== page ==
If resources are not directed to the financial and organizational implications of crime there will be an absence of the info information necessary for the development of appropriate legislation The deployment and development of resources and the shaping of appropriate legislation must proceed hand in hand. It is for this reason that the recommendations of the Australian Royal Commission within this area, exemplified by those set out above, were tentatively expressed, Knowledge and experience must shape the effort, and knowledge and experience must be acquired.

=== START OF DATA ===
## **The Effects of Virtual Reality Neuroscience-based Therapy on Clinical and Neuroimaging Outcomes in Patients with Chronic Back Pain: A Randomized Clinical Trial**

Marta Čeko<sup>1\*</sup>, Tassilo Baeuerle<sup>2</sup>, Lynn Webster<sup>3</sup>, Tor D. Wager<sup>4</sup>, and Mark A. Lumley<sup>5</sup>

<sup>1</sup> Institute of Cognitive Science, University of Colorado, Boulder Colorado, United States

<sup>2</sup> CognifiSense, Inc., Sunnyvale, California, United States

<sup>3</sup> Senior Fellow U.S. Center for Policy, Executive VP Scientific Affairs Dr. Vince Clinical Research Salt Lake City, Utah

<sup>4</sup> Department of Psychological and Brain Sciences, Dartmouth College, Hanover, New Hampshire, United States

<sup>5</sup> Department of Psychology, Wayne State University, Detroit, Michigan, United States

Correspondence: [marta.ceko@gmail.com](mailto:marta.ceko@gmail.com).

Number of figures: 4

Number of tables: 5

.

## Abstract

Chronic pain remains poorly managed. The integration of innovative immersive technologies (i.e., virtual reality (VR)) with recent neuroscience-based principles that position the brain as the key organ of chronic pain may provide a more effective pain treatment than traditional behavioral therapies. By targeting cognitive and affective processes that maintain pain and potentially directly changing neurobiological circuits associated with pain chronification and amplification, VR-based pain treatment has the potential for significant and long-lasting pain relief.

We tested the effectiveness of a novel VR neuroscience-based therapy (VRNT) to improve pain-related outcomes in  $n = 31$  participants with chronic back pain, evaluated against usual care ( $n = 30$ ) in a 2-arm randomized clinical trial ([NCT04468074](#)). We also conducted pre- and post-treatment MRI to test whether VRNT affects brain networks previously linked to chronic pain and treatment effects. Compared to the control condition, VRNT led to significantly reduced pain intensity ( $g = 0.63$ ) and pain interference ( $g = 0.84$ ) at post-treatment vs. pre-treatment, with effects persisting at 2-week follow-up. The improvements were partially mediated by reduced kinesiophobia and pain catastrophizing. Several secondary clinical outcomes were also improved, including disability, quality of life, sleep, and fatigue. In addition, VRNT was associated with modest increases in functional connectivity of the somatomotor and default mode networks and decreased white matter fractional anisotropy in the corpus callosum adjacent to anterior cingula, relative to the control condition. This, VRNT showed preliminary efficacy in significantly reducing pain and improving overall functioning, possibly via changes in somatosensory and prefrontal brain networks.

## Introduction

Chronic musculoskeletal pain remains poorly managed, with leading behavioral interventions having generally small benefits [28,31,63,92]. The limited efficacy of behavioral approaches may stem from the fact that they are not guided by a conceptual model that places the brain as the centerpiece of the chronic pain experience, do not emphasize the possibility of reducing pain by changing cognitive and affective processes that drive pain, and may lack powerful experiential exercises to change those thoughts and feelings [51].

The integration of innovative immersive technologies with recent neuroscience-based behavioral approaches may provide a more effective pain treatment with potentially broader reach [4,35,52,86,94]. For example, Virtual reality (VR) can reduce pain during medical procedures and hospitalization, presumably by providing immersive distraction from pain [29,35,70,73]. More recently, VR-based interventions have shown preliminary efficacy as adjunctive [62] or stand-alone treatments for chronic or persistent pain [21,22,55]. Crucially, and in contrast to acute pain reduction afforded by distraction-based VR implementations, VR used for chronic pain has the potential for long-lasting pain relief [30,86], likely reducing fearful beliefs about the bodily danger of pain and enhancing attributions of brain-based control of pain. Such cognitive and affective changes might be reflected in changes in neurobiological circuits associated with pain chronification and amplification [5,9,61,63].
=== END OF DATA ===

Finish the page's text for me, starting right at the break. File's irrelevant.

The present position of the law in Australia should be mentioned, The power to deal with drug trafficking in Australia is divided between the Government of the Commonwealth of Australia and the Government of the several states that are members of the Commonwealth, Commonwealth and state legislation make provisions on what has been justifiably described as a piece-meal basis for a variety of forfeitures and confiscations of drugs and associated goods that are the subject of illegal trafficking. In some cases, under provisions that give rise to some difficulty, funds that can be shown to be directly the product of trafficking may be seized, Because of restriction on Commonwealth legislative power, the Customs Act 1901 (Commonwealth) is restricted in application to drugs illegally imported into Australia. It contains extremely complex provisions intended to deprive proven drug traffickers of the proceeds of their crime, It seems that for these reasons the legislation has been little utilized, A substantial commitment of investigative resources additional to that already involved in apprehending those to whom the provisions are sought to be applied, is essential if the section is to be utilized. What is ultimately needed, however, is a law adaptable to a variety of circumstances with the application of that law an integral part of the law enforcement investigative process, and not simply an afterthought. It needs to apply to a number of activities, Much can be learned from the experience of the United States of America, particularly in respect of the Racketeer Influenced and Corrupt Organization Statute - Title 18 United States Code Sections, l961 - l964 [ 5] . There are, however, difficulties in translating the United States experience to Australia although it is not possible to explore them here. As a first step, the Australian Royal Commission recommended a simplified process involving an order for the payment of a sum of money calculated in reference to the profits derived from the illegal activity, enforced by recourse against the property of the criminal.